Happy New Year: 6 Records EP Recommends

Six records I’m really rather looking forward to this year…

1. Oddfellow’s Casino, The Raven’s Empire

Beginning things with a locational bias, a nibble on a little Brighton-based eccentricity is perfect potion to get the coastal blood a-pumping. Described by Les Inrockuptibles as Britain’s answer to Sufjan Stevens, David Bramwell and his company of orchestrally inclined bandmates furnish us with Oddfellow’s fifth and newest album to kick-start 2012 into an Edward Gorey themed year. Expect the Brighton and Hove Concert Band, un-living memories of the West Pier before it became a stack of matchsticks, Victorian freakshows and vignettes, and the ghostly smell of pipe tobacco to assault the mind’s eye and ear. Only just out on Nightjar Records.

2. Beth Jeans Houghton & The Hooves of Destiny, Yours Truly, Cellophane Nose

This girl has had me on the edge of my seat for three years now. Promises of records, a teaser EP, a few sporadic gigs and a whole lot of mystery later, in February, we will finally have Ms Houghton’s debut album to whimsy away to. In fact, she’s so frickin’ enigmatic that I haven’t heard it yet: it would seem she even keeps the tabs locked tight to insiders. However, I’m not going out on a limb in hedging that whatever this record sounds like, it’s going to be the cat’s pyjamas. Well, it will be if you’re into velvety, smokey vocals, pop-folk-psych arrangements, flying one-woman choral clouds, banjo, all to the backdrop of everything that’s been on musical trend of late. I also love the fact she dresses up like a beautiful lunatic. Due for release on Mute, 6th February.

3. Karen Dalton, 1966

From one mysterious woman to another, but with a good 40-year fame gap in between. Well, that’s not entirely true; Dalton came back on the scene posthumously around 2008 after her last release, In My Own Time, in 1971. The latest Dalton-shaped offering comes in the form of never-before heard, recently unearthed tracks, featuring cover versions of songs by the likes of Fred Neil and Tim Hardin. Latterly recognised as one of folk’s most important voices, Dalton, if she were alive today, would stand shoulder to shoulder with the aforementioned heavyweights plus Bob Dylan, who credits her as an inspiration for his own career. Gravelly, raw and oh so folky, if that classic Greenwich Village vibe is your thing, you need 1966 in your life. Out on Delmore Recording Society at the end of January.

4. Hooded Fang, Tosta Mista

Around this time last year, I lost my shit over Y Niwl. This year, I’ll mostly be doing the same over the latest from Hooded Fang. I love – LOVE I tell ye – that garage surf thing, so with all of this classic reverb going on, surf guitar and  ’60s style drum breaks, I think I might have found a new obsession. But behind all the elevating this and that, this record actually has quite a sad concept behind it all: surprisingly it documents the disintegration of the band’s Daniel Lee and April Aliermo’s five-year relationship. Stand out track ‘Den Of Love’ supposedly typifies it all. Whatevs, heartbreak or not, Tosta Mista has been described as “the whole of the Nuggets box set condensed into an album that’s just 23 minutes long.” That’s a win on my watch. It’s out on Full Time Hobby on 12th March.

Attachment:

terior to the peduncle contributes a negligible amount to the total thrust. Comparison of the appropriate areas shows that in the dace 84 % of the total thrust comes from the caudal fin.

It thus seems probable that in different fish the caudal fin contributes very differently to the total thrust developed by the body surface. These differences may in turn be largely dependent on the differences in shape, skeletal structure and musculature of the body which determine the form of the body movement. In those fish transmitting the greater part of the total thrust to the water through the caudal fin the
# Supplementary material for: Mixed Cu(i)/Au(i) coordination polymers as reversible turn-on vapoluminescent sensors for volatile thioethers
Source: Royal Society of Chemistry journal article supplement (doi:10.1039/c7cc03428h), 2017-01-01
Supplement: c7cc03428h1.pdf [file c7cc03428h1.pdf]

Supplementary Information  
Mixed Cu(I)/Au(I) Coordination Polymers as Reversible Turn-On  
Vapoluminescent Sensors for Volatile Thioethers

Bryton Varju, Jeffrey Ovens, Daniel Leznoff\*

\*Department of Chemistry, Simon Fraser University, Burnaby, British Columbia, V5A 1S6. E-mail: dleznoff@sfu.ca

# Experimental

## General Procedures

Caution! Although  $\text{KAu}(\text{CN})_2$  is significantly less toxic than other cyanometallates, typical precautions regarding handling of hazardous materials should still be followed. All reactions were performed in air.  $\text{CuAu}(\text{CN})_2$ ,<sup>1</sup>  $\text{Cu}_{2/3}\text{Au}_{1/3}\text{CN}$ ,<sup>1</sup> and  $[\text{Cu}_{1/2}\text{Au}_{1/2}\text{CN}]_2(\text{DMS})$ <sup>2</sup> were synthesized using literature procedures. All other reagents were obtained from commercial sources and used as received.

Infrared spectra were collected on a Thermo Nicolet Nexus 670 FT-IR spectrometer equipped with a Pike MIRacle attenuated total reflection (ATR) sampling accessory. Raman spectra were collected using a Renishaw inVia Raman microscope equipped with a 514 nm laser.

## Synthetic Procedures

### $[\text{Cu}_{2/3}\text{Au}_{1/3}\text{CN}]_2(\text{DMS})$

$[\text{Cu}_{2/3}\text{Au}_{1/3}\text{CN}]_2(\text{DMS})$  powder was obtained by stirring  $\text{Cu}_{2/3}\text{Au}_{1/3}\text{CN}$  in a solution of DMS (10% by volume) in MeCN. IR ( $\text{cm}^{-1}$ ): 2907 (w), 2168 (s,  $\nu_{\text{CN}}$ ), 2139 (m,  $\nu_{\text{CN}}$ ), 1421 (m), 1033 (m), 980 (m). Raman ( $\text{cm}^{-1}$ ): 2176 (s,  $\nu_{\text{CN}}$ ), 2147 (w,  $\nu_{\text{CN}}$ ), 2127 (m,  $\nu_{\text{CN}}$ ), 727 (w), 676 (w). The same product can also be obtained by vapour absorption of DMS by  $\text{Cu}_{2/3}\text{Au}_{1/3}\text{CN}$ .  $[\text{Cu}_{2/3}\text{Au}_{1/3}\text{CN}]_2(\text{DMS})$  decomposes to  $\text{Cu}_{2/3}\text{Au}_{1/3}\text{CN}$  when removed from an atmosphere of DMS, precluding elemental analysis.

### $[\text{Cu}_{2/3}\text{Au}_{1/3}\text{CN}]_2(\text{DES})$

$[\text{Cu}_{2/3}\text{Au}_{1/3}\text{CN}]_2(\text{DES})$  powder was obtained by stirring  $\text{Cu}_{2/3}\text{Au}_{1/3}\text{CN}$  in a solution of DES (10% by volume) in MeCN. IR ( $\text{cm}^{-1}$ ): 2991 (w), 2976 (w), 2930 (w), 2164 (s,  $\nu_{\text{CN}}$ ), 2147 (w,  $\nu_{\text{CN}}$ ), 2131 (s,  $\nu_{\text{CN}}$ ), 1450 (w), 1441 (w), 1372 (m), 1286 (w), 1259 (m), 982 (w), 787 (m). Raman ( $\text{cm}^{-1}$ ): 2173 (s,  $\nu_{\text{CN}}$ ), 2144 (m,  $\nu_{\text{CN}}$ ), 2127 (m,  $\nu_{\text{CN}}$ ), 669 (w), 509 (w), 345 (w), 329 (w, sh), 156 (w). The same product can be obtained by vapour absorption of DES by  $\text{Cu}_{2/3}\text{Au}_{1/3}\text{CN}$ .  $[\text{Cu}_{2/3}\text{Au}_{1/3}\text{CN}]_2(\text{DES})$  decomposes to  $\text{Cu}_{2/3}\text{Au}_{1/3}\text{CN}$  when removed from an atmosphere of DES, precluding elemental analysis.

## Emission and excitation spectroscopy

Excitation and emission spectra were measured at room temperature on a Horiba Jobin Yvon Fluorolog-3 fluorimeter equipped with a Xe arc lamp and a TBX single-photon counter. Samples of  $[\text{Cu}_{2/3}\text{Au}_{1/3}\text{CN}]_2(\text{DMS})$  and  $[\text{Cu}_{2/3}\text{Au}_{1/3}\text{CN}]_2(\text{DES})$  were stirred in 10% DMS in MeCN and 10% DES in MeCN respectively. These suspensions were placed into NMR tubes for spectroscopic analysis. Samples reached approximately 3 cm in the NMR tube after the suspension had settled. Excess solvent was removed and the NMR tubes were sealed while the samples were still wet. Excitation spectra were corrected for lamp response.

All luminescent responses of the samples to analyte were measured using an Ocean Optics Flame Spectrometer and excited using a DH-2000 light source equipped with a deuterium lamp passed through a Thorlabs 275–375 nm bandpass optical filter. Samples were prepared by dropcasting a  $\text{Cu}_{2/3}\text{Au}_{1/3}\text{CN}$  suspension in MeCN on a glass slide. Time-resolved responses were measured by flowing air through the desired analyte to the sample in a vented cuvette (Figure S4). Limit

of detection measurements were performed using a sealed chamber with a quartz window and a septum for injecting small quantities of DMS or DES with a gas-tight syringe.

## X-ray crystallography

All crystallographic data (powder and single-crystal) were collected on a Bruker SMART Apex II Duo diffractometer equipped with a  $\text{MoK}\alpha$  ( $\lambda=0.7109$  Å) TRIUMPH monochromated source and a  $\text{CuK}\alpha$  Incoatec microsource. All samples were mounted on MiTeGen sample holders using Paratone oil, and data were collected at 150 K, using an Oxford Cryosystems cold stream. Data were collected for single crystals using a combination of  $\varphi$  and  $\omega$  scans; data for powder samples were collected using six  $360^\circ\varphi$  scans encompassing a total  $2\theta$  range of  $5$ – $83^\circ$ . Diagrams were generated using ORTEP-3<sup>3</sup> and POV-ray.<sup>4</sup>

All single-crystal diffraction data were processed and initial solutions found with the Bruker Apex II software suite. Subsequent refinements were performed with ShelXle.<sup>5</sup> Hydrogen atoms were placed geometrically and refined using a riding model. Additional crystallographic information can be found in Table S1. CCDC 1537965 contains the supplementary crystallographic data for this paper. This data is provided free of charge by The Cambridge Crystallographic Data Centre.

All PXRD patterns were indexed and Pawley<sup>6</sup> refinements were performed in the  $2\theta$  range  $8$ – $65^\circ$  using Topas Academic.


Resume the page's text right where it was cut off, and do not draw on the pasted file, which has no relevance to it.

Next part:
5. Department of Eagles, The Cold Nose (bonus tracks)

Ooh, look! More than one album title with the word ‘nose’ in it. That’s a bit weird. Anyway, this particular record is a re-release seven years after its original outing. What 2012 has that 2005 didn’t is up for speculation, but what this record has that 2005′s version didn’t is six bonus tracks, featuring remixes from Tunng and Deadelus. That’s a whopping 19 tracks to get stuck into! What’s it like? Well, if the kind of thing DJ Shadow does floats your boat, then you might be setting merry sail. Time Out, however, have another specific on it all: “Imagine if Thom Yorke woke up one sunny spring morning and realised that actually, everything was going to be OK after all.” Imagine if he did! 1997 would have sounded very different… Anyway, a majorly eclectic collection from DoE, The Cold Nose is out now on Melodic.

6. Diagrams, Black Light

One man show, Sam Genders, otherwise known as Diagrams, delights us this January with his debut album. Truth be told, I was expecting a well-synthy, wanky LP (I confess; I judged a book by its cover). But pleasantly, where it is a bit synthy now and then, it’s not wanky. It’s actually pretty lyrically rich, and in places, bluesy, funk-peppered and psych (the old and new variety) a-plenty. Diagrams has been likened to Hot Chip and Metronomy, which I think is where I formulated my preconceptions, but quite wonderfully – and strangely – The Guardian had this to say about Mr Genders work: “Like Sufjan Stevens and a parliament of owls in a feathery group hug, happily tumbling down an upwards escalator in slow motion.” I want whoever wrote that to come to my fantasy dinner party too. It would appear that noses and Sufjan Stevens have a lot to answer for this year… It’s out 16th January on Full Time Hobby.

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